“We recognize that our intelligence gives us a unique responsibility toward our environment. We seek to live in harmony with Nature, in ecological balance …”[8]

In the 1970′s Neo-Paganism intersected with the eco-feminism movement by way of feminist witchcraft. The late Morgan McFarland, the founder of a gender-inclusive form of Dianic Witchcraft, expressed a common sentiment of the time:

“A Pagan world view is one that says the Earth is the Great Mother and has been raped, pillaged, and plundered and must once again be celebrated if we are to survive. Paganism means a return to those values which see an ecologically balanced situation so that life continues and the Great Mother is venerated again. … Both ecology and Paganism seek a restoration of the balance of nature. If you’re not into ecology, you really can’t be into Paganism.”[9]

And yet, even in its first decades, not all Pagans understood Paganism as a nature religion. For some, like Fritz Muntean, one of the founders of the New Reformed Order of the Golden Dawn,  Paganism was not primarily a nature religion, but rather a hedonistic religion, one centered on ethic of free and responsible self-expression.[10]

Nor were all early Pagans environmental activists. In the first edition of Drawing Down the Moon published in 1979, NPR correspondent and Wiccan priestess, Margot Adler, documented a worrying lack of political will among Neo-Pagans.[11] Later, in the 1986 edition of her book, Adler records one of the leaders in the Neo-Druidric movement, Isaac Bonewits, the founder of ADF, saying that while many Neo-Pagans were very concerned about environmental matters, “Most Neo-Pagans are too loose and liberal to be fanatic about anything, including their own survival.”[12]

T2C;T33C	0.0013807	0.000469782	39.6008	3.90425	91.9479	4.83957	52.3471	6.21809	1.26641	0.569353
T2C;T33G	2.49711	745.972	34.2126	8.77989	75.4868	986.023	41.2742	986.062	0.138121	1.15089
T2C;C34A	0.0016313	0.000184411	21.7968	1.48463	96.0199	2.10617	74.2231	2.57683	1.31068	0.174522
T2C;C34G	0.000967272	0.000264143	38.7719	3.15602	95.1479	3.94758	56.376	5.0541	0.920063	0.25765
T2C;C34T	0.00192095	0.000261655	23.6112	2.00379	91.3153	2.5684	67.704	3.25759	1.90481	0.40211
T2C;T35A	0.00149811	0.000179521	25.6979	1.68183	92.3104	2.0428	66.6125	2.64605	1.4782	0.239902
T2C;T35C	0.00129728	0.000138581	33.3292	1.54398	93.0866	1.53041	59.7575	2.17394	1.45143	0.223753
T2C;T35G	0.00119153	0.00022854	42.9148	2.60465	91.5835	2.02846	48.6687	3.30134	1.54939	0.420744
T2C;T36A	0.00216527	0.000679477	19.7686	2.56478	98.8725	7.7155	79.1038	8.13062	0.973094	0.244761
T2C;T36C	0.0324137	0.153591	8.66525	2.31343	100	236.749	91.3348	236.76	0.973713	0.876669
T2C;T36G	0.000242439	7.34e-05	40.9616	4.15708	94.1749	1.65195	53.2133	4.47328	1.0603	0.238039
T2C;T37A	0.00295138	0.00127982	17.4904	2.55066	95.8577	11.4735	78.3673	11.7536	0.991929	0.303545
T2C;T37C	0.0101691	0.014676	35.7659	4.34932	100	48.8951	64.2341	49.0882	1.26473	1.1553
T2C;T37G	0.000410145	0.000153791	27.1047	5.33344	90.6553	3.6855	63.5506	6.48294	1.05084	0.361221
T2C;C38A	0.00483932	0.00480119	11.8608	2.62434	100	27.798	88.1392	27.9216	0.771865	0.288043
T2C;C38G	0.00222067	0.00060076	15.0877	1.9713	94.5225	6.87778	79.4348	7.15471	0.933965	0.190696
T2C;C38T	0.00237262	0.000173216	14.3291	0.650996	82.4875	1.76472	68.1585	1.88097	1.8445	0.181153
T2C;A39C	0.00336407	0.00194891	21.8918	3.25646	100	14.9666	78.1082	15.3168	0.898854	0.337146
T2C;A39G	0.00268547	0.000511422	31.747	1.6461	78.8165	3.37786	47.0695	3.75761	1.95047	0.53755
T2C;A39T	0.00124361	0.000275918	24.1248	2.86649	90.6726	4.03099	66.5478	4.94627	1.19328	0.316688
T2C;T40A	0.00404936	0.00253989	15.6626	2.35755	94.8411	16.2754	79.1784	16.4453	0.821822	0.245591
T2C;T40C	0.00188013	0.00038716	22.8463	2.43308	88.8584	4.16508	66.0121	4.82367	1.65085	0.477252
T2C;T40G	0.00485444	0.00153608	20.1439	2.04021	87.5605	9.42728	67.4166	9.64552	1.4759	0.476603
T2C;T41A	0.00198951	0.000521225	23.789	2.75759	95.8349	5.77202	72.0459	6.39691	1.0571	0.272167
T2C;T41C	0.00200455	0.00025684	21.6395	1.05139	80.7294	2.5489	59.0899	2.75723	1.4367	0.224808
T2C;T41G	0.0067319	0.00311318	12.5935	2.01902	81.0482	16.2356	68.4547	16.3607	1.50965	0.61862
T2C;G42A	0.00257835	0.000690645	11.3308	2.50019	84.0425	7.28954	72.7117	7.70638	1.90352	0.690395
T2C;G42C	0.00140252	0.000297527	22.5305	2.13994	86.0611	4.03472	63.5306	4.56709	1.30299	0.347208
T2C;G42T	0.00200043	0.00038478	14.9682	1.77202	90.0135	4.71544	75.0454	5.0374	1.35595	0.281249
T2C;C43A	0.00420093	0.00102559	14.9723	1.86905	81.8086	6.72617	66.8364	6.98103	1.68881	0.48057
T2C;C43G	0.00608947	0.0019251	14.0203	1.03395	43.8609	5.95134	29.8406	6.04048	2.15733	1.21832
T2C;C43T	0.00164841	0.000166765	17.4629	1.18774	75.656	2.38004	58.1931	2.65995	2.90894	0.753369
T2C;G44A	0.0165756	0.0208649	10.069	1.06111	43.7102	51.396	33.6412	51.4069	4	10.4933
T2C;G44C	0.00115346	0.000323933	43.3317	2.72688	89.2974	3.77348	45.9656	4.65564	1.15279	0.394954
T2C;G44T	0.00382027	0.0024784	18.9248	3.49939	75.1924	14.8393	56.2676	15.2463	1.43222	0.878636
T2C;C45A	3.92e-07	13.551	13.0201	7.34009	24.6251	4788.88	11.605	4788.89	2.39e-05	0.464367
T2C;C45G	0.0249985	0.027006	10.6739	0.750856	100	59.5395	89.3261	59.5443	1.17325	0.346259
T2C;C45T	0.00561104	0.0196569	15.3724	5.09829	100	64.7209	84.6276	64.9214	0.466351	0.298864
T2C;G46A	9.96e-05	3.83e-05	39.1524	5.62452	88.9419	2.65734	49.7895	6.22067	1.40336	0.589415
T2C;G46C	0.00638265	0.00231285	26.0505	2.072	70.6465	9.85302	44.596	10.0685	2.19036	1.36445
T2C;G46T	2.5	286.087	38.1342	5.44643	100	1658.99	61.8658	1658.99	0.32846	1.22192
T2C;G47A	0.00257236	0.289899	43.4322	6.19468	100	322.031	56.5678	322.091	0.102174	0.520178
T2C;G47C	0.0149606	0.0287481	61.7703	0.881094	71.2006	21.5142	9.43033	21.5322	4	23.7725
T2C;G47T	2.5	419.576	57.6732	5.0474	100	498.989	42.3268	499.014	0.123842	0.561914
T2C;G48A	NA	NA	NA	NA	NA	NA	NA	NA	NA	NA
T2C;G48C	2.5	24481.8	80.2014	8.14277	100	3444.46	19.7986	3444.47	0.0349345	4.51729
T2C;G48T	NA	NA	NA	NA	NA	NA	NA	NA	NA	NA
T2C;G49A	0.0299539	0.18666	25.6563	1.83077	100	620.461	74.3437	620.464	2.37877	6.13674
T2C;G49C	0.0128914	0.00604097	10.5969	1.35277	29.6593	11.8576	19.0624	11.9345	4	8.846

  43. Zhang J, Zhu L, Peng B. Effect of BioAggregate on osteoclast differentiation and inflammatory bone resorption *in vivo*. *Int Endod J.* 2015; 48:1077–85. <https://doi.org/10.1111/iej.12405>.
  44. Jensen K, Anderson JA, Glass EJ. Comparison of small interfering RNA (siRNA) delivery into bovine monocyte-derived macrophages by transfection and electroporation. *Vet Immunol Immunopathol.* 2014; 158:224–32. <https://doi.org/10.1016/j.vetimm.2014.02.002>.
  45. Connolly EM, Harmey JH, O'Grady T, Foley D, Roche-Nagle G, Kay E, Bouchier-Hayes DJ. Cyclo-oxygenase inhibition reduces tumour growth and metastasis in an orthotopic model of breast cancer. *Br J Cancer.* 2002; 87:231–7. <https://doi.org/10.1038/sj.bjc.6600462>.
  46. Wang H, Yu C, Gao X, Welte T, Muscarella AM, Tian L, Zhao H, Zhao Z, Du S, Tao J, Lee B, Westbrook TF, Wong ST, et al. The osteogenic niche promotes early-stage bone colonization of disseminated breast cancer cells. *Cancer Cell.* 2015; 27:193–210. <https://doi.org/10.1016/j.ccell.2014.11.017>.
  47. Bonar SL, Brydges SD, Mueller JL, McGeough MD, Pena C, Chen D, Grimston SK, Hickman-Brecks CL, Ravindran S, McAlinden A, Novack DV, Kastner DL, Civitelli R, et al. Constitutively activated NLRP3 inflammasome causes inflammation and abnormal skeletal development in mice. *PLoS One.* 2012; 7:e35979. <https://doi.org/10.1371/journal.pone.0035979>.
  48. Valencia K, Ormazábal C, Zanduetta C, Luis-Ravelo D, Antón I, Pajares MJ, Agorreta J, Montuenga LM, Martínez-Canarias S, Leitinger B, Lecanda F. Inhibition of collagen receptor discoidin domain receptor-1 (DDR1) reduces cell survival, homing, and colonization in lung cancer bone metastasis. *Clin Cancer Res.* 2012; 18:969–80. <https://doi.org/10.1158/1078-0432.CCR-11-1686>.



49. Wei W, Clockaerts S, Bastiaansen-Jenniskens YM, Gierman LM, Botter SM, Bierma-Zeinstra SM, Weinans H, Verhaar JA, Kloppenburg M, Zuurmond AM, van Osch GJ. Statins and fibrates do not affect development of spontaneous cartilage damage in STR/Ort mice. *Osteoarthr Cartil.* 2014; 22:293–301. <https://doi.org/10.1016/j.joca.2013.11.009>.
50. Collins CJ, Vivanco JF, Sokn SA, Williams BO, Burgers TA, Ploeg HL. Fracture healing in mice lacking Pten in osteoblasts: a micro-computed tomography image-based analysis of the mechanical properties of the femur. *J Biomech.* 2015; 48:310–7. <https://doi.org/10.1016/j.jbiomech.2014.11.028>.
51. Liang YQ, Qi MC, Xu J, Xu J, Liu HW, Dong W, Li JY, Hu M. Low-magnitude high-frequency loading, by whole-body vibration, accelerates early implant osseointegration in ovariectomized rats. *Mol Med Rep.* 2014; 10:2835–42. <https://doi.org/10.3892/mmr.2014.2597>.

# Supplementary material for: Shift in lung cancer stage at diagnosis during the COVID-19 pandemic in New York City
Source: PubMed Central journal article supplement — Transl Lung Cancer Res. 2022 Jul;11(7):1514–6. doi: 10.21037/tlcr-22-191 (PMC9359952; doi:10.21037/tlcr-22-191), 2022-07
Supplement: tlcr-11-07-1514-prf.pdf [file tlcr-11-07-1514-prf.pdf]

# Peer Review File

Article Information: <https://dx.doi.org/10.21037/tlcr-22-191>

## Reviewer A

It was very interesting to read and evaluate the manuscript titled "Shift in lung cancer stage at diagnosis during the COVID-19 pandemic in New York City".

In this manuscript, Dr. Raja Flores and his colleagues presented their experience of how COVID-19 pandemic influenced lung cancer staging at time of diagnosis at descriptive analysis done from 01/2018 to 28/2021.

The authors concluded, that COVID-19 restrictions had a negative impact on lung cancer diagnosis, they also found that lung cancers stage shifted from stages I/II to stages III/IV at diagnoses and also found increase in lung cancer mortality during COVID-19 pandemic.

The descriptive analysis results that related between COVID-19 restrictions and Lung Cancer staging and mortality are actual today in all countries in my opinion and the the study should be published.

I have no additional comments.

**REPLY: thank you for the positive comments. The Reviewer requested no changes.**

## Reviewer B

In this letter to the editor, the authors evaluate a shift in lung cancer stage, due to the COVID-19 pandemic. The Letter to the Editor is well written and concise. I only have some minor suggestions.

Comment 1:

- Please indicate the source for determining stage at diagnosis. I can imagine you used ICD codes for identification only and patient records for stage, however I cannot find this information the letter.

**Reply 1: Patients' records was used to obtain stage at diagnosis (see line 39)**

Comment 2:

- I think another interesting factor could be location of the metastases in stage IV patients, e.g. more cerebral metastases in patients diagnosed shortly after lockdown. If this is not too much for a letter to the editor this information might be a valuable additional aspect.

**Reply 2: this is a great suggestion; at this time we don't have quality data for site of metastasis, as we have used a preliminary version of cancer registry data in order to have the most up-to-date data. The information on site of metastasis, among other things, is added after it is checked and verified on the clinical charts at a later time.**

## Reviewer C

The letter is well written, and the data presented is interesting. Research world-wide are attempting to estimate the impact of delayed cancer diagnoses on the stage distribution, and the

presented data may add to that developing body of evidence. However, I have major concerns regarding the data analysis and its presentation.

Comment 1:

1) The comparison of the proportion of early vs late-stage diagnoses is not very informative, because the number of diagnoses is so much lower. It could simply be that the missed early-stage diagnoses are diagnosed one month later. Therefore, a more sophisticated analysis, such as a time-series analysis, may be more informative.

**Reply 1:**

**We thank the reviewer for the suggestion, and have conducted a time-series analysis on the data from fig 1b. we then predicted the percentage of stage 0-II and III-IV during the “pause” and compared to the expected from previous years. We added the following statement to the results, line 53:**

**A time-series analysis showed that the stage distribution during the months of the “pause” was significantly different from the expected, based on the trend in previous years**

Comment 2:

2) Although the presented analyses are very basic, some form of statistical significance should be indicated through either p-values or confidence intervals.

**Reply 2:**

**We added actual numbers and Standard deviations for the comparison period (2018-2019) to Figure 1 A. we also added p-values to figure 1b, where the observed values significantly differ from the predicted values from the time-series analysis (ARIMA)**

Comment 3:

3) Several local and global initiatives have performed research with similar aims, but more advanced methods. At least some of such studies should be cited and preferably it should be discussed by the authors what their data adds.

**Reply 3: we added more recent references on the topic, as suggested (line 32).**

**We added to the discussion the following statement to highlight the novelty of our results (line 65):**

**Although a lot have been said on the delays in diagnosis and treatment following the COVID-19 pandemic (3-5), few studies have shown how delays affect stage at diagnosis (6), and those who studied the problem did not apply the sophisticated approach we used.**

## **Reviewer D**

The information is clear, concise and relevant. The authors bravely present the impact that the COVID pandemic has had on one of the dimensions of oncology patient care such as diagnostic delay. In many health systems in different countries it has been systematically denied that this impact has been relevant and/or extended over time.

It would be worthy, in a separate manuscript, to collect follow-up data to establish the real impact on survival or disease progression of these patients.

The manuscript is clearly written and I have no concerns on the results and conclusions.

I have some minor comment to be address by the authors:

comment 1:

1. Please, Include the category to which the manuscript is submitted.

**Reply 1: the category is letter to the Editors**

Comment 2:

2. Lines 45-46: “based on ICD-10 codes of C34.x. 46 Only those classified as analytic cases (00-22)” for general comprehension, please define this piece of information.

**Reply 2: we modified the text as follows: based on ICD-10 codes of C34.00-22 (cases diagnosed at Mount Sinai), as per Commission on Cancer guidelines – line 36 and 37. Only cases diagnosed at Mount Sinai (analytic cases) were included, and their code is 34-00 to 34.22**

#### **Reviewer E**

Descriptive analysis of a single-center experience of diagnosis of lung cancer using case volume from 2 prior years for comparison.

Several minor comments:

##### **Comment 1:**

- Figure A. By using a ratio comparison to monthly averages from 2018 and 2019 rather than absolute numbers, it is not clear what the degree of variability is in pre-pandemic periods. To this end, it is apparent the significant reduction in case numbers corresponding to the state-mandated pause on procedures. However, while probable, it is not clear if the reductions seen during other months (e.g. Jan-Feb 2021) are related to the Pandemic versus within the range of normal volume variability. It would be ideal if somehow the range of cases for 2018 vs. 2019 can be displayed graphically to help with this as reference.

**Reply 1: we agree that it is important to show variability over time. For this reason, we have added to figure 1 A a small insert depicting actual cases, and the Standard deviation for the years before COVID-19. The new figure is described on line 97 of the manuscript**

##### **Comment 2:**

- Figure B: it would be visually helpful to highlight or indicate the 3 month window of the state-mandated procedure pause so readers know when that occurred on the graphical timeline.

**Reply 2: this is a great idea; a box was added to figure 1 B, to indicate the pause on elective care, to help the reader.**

Skipping ahead to today, many — but by no means all — contemporary Pagans continue to describe their spirituality as earth-centered or nature-centered. Many Pagans are pantheists or animists who perceive the divine as immanent in the physical world. The spirituality of many Pagans is focused on cultivating or restoring a sense of connection with nature.

The celebration of the Wheel of the Year, perhaps the most common contemporary Pagan ritual, which consists of eight holy days corresponding to the solstices and equinoxes and the mid-points in between, is an expression of this desire to connect with nature. In addition, many Pagans express their spirituality through gardening, composting, permaculture and other activities that promote sustainable living, as well as participation in direct political action against environmentally irresponsible actions of business, industry and government.

And yet, the relationship of contemporary Paganism with the natural world is not an uncomplicated one. Neo-Pagans have inherited ritual forms and theology from British Traditional Wicca, which did not itself begin as a nature religion, but as an esoteric mystery cult.[13] The resulting ritual and symbolic forms sometimes bear an ambiguous relationship to nature. Consider how Pagans living in myriads climatic zones may follow a universalist Wheel of the Year derived from the climate of Great Britain, which may or may not correspond with the local environmental conditions. As Dr. Jo Pearson has observed, the Pagan Wheel of the Year sometimes turns the seasons, rather than the other way around.[14]